Tuesday, 5 May 2015

Invasive Non-native plants along Water of Leith

Yesterday evening I went along to the annual Invasive Plant species walk organised by Water of Leith Conservation Trust (WOLCT) for their patrol volunteers. We had a lovely walk trhough the downstream area of Colinton Dell. Hard to believe now, as the rain pours down and the wind howls, but yesterday evening was beautiful and mild and sunny.

The main three invasive plant species that are an issue along the Water of Leith are:

Giant Hogweed is a problem because it can cause burns and scarring if you come into contact with it. It is also very invasive as it produces lots of seeds which can stay fertile for several years. It is however popular with quite a few insect species. WOLCT manages the plant by closely targetted spraying with glyphosate, which is the only herbicide that can control the plant.

Himalayan Balsam is a problem because it is very invasive, as it produces vast numbers of seed. It can totally take over an area and stop anything else from growing during its own season. However, because Himalayan Balsam flowers late, it provides food for bees when there's not much else around. Also it doesn't stop the early spring flowers from thriving. We know from our visits to Dumfriesshire, that areas that are covered in Himalayan Balsam in summer are full of a variety of spring flowers earlier in the year. The real problem occurs by rivers where the growth of this plant can erode riverbanks. Plus it smells vile so I'm more than happy to help WOLCT control it by pulling up the plants I find while I'm patrolling the river.

Japanese Knotweed is one of the most invasive plants in the world. It spreads mostly through its roots and can undermine the foundations of buildings. (If you have Japanese Knotweed in your garden, you are likely to be unable to sell your house). It is very difficult to control, currently the WOLCT is trying to eradicate a patch in Colinton Dell and it will take at least a couple of years more to get rid of it, injecting herbicide into every stem of the plants.

Two other plants are giving some concern in Colinton Dell:

Few flowered leek in some areas of the Dell is already taking over from the native wild garlic. One possible way of controlling its spread is for foragers to pick and eat the leek rather than the garlic. Having said that, the number of dogs that run around (and do other things) in Colinton Dell, makes me nervous of foraging anything that grows on the ground there.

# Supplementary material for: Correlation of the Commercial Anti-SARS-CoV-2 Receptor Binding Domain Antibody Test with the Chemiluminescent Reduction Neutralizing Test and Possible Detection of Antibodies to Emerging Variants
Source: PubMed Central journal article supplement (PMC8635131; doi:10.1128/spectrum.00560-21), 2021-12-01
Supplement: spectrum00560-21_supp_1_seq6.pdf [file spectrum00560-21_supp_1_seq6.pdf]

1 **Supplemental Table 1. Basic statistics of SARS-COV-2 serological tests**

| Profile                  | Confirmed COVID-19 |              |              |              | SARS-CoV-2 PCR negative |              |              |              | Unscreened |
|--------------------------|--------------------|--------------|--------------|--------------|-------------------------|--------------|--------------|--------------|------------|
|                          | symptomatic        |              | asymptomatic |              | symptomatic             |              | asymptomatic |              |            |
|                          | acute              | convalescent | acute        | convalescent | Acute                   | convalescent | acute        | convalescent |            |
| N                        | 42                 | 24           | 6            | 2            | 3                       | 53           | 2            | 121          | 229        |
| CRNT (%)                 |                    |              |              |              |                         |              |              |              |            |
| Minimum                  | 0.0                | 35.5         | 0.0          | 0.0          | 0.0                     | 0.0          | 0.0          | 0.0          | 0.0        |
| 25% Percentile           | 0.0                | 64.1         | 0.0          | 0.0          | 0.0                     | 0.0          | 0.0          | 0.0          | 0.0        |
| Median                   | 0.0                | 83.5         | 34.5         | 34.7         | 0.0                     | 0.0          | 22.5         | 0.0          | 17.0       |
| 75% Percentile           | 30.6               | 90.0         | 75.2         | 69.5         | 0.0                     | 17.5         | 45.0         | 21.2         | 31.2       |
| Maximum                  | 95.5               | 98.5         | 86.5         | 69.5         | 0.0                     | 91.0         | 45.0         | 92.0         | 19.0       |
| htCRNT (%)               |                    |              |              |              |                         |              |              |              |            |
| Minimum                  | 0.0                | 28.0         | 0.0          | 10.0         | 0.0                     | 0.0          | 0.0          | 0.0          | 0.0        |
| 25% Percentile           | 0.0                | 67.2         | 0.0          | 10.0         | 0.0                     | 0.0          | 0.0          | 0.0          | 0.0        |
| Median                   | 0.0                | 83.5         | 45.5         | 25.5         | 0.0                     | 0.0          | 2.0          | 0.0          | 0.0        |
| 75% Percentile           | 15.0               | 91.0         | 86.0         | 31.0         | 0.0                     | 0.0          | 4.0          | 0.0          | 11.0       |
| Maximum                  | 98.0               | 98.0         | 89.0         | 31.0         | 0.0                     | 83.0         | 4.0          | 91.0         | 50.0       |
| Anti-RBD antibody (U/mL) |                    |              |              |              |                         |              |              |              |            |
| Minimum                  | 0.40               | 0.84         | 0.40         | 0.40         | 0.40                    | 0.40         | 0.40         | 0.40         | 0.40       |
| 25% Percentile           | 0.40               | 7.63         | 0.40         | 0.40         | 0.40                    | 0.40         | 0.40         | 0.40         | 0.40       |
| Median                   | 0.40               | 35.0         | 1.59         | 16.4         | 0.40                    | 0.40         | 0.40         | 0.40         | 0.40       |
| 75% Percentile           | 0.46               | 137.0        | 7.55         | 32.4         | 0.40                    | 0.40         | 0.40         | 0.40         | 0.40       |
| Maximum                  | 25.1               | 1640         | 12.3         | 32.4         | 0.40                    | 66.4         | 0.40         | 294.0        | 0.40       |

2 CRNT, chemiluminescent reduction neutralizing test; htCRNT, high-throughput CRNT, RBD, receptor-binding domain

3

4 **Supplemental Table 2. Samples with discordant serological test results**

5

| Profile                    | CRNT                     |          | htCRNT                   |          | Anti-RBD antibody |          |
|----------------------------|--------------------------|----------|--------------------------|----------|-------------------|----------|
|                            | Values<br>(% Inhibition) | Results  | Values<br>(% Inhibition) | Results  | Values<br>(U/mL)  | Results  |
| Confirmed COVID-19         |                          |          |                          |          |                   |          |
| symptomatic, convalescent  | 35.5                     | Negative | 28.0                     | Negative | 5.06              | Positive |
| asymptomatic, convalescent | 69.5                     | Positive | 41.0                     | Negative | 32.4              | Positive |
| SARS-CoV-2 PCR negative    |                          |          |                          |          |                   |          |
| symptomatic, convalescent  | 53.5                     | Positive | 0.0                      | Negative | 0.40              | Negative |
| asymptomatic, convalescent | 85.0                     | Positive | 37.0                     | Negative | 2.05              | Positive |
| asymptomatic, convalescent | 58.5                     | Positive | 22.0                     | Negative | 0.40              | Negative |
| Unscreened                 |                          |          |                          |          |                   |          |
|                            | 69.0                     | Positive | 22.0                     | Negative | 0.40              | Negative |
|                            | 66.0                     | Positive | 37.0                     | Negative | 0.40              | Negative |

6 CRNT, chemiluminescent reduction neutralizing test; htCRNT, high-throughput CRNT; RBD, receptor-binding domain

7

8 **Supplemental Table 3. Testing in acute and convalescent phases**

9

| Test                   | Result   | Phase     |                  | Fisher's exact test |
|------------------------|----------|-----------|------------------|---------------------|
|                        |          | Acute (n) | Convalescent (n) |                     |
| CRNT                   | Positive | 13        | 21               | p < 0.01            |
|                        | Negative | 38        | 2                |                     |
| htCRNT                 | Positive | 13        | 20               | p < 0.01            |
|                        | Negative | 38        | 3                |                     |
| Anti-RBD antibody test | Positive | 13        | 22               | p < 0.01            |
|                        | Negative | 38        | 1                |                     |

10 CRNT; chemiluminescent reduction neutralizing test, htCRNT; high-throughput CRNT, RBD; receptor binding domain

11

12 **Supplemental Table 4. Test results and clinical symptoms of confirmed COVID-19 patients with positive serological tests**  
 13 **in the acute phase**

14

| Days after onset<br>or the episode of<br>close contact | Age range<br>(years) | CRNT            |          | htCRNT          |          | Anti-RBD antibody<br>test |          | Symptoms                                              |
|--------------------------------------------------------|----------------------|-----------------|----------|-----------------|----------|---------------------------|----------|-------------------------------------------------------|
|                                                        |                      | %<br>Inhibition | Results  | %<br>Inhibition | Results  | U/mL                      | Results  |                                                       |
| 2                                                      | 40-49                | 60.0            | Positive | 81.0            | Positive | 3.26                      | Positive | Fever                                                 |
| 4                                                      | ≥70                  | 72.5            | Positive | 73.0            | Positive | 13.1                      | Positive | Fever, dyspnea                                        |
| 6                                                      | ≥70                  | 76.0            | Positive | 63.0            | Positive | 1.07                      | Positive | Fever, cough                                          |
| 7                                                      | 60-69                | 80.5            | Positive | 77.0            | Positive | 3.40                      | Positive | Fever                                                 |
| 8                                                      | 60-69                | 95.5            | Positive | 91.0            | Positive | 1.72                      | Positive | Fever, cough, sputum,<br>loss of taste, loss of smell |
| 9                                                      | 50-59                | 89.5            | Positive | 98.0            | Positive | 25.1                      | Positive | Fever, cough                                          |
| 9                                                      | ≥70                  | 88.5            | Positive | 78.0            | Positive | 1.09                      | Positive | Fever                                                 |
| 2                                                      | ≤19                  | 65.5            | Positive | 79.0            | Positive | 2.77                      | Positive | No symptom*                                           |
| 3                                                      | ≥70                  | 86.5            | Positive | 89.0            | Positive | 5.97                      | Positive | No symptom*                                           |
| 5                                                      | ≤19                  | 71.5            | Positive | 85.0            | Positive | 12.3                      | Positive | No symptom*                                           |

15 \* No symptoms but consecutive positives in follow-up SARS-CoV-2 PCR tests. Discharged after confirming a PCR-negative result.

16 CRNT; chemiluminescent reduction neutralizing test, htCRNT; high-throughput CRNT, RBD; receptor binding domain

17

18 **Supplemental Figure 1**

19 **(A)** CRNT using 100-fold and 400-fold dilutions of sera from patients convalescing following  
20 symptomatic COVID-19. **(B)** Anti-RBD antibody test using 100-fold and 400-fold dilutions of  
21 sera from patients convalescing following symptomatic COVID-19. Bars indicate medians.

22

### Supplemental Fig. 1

Salmonberries have sprung up in one area of the Dell. I've not really been able to find out much about the status of salmonberries in the UK, they've been here for decades, but I'm only aware of them becoming a problem very recently. WOLCT is looking into how best to control them.


Bill said...

children's voices
who will tell the dandelion
it's a weed

sage said...

This is a world wide problem--there was a garlic mustard that was a problem in the upper midwest that could be made into a fine pesto (but who could ever eat enough pesto to make a dent in the problem?)

Magyar said...

__Climate, water and wind pattern chances_? Imports_?
__Imports? Several years ago now.
it was discovered that New England
had been invaded by -oak beetles-
(I'll call them that) and severe damages have since been done to the oaks here._m

Anonymous said...

Invasive weeds are a huge problem everywhere - we have a particularly nasty invasive grass that is really bad for cattle (can do great harm to their teeth and throats if they eat it) and the council fines landowners if they don't control it - it's a constant battle.

RG said...

Knotweed .. ugh.

But Salmonberry is a native plant here - and often planted in restoration sites - with a mixture of other native plants and shrubs.

Maybe not the same salmonberry?

Crafty Green Poet said...

Bill - thanks for the haiku!

Sage - yes, foraging the invasives can ionly ever make a dent in the problem!

Magyar - mostly imports, many of our invasive plants were introduced in the Victorian era as decorative garden plants and escaped into the wild.

Gabrielle - Yes we have ragweed here, which is a big problem for cattle, though it's tolerated in places where there aren't cattle.

Rabbits' Guy - ah yes, but a plant which is nice and liked in it's native country can become a problem once its introduced somewhere else, because perhaos nothing eats it, or growing conditions suit it really well or change it's growing pattern.

eileeninmd said...

Glad you had a nice walk.. But it is sad to see the invasive plants taking over..I hope they can be controlled. Enjoy your day!